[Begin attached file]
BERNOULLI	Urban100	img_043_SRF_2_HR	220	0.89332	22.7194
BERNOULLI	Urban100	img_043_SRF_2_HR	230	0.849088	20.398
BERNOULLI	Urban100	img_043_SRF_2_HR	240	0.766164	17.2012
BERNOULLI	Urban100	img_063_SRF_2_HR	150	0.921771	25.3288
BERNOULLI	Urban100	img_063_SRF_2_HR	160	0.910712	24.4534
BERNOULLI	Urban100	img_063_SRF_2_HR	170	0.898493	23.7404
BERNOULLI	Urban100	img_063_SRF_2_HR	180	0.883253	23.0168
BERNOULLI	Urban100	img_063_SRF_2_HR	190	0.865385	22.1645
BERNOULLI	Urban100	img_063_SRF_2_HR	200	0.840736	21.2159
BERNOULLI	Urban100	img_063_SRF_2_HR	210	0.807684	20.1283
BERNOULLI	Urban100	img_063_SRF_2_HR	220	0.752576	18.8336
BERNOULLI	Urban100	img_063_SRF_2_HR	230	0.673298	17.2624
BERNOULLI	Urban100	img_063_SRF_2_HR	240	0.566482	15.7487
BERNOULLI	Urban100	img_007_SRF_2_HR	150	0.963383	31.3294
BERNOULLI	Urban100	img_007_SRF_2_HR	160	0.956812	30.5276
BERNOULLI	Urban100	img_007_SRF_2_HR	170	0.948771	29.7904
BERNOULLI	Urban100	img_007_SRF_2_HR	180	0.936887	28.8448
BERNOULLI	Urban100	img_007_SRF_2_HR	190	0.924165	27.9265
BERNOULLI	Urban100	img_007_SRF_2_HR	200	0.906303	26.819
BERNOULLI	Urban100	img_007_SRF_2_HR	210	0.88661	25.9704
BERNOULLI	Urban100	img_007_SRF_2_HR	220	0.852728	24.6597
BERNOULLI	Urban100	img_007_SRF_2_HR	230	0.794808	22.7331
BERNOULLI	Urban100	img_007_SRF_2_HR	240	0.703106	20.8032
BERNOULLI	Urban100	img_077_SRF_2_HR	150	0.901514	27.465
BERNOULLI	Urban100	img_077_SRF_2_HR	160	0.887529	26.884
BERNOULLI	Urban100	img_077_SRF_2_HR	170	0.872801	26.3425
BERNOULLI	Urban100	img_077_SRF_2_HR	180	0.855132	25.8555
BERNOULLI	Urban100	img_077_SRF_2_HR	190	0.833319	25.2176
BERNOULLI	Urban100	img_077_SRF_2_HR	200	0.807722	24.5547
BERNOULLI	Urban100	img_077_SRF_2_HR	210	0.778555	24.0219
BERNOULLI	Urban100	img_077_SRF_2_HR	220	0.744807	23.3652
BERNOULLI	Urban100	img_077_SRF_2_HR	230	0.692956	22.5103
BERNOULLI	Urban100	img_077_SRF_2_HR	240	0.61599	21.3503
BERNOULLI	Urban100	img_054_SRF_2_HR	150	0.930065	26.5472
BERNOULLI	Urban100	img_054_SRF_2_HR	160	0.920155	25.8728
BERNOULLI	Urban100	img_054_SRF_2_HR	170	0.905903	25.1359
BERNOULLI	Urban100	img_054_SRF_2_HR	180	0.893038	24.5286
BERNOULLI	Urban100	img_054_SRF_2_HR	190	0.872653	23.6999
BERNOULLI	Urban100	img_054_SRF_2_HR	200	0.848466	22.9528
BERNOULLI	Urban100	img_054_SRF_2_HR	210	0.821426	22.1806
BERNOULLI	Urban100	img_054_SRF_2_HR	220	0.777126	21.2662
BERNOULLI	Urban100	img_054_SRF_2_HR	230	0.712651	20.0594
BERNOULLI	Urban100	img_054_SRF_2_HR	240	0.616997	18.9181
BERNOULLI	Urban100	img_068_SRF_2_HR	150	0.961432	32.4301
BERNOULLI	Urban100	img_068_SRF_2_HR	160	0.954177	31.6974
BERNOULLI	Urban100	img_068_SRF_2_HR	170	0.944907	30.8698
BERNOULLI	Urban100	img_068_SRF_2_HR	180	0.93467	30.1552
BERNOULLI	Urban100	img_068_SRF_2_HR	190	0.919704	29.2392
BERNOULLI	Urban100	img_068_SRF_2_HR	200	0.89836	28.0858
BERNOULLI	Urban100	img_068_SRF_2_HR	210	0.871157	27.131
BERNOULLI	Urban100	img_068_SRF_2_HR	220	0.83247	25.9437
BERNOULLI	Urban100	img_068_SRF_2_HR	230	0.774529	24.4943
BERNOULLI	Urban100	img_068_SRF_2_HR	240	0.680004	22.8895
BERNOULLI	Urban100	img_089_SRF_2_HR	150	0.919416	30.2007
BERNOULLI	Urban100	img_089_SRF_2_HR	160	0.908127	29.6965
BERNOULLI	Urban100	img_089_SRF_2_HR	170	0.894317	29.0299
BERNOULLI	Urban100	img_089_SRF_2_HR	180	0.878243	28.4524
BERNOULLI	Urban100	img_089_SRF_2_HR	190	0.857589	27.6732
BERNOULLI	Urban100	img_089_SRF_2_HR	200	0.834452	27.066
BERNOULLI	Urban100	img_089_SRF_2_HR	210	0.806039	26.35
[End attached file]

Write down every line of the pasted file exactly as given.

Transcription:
BERNOULLI	Urban100	img_043_SRF_2_HR	220	0.89332	22.7194
BERNOULLI	Urban100	img_043_SRF_2_HR	230	0.849088	20.398
BERNOULLI	Urban100	img_043_SRF_2_HR	240	0.766164	17.2012
BERNOULLI	Urban100	img_063_SRF_2_HR	150	0.921771	25.3288
BERNOULLI	Urban100	img_063_SRF_2_HR	160	0.910712	24.4534
BERNOULLI	Urban100	img_063_SRF_2_HR	170	0.898493	23.7404
BERNOULLI	Urban100	img_063_SRF_2_HR	180	0.883253	23.0168
BERNOULLI	Urban100	img_063_SRF_2_HR	190	0.865385	22.1645
BERNOULLI	Urban100	img_063_SRF_2_HR	200	0.840736	21.2159
BERNOULLI	Urban100	img_063_SRF_2_HR	210	0.807684	20.1283
BERNOULLI	Urban100	img_063_SRF_2_HR	220	0.752576	18.8336
BERNOULLI	Urban100	img_063_SRF_2_HR	230	0.673298	17.2624
BERNOULLI	Urban100	img_063_SRF_2_HR	240	0.566482	15.7487
BERNOULLI	Urban100	img_007_SRF_2_HR	150	0.963383	31.3294
BERNOULLI	Urban100	img_007_SRF_2_HR	160	0.956812	30.5276
BERNOULLI	Urban100	img_007_SRF_2_HR	170	0.948771	29.7904
BERNOULLI	Urban100	img_007_SRF_2_HR	180	0.936887	28.8448
BERNOULLI	Urban100	img_007_SRF_2_HR	190	0.924165	27.9265
BERNOULLI	Urban100	img_007_SRF_2_HR	200	0.906303	26.819
BERNOULLI	Urban100	img_007_SRF_2_HR	210	0.88661	25.9704
BERNOULLI	Urban100	img_007_SRF_2_HR	220	0.852728	24.6597
BERNOULLI	Urban100	img_007_SRF_2_HR	230	0.794808	22.7331
BERNOULLI	Urban100	img_007_SRF_2_HR	240	0.703106	20.8032
BERNOULLI	Urban100	img_077_SRF_2_HR	150	0.901514	27.465
BERNOULLI	Urban100	img_077_SRF_2_HR	160	0.887529	26.884
BERNOULLI	Urban100	img_077_SRF_2_HR	170	0.872801	26.3425
BERNOULLI	Urban100	img_077_SRF_2_HR	180	0.855132	25.8555
BERNOULLI	Urban100	img_077_SRF_2_HR	190	0.833319	25.2176
BERNOULLI	Urban100	img_077_SRF_2_HR	200	0.807722	24.5547
BERNOULLI	Urban100	img_077_SRF_2_HR	210	0.778555	24.0219
BERNOULLI	Urban100	img_077_SRF_2_HR	220	0.744807	23.3652
BERNOULLI	Urban100	img_077_SRF_2_HR	230	0.692956	22.5103
BERNOULLI	Urban100	img_077_SRF_2_HR	240	0.61599	21.3503
BERNOULLI	Urban100	img_054_SRF_2_HR	150	0.930065	26.5472
BERNOULLI	Urban100	img_054_SRF_2_HR	160	0.920155	25.8728
BERNOULLI	Urban100	img_054_SRF_2_HR	170	0.905903	25.1359
BERNOULLI	Urban100	img_054_SRF_2_HR	180	0.893038	24.5286
BERNOULLI	Urban100	img_054_SRF_2_HR	190	0.872653	23.6999
BERNOULLI	Urban100	img_054_SRF_2_HR	200	0.848466	22.9528
BERNOULLI	Urban100	img_054_SRF_2_HR	210	0.821426	22.1806
BERNOULLI	Urban100	img_054_SRF_2_HR	220	0.777126	21.2662
BERNOULLI	Urban100	img_054_SRF_2_HR	230	0.712651	20.0594
BERNOULLI	Urban100	img_054_SRF_2_HR	240	0.616997	18.9181
BERNOULLI	Urban100	img_068_SRF_2_HR	150	0.961432	32.4301
BERNOULLI	Urban100	img_068_SRF_2_HR	160	0.954177	31.6974
BERNOULLI	Urban100	img_068_SRF_2_HR	170	0.944907	30.8698
BERNOULLI	Urban100	img_068_SRF_2_HR	180	0.93467	30.1552
BERNOULLI	Urban100	img_068_SRF_2_HR	190	0.919704	29.2392
BERNOULLI	Urban100	img_068_SRF_2_HR	200	0.89836	28.0858
BERNOULLI	Urban100	img_068_SRF_2_HR	210	0.871157	27.131
BERNOULLI	Urban100	img_068_SRF_2_HR	220	0.83247	25.9437
BERNOULLI	Urban100	img_068_SRF_2_HR	230	0.774529	24.4943
BERNOULLI	Urban100	img_068_SRF_2_HR	240	0.680004	22.8895
BERNOULLI	Urban100	img_089_SRF_2_HR	150	0.919416	30.2007
BERNOULLI	Urban100	img_089_SRF_2_HR	160	0.908127	29.6965
BERNOULLI	Urban100	img_089_SRF_2_HR	170	0.894317	29.0299
BERNOULLI	Urban100	img_089_SRF_2_HR	180	0.878243	28.4524
BERNOULLI	Urban100	img_089_SRF_2_HR	190	0.857589	27.6732
BERNOULLI	Urban100	img_089_SRF_2_HR	200	0.834452	27.066
BERNOULLI	Urban100	img_089_SRF_2_HR	210	0.806039	26.35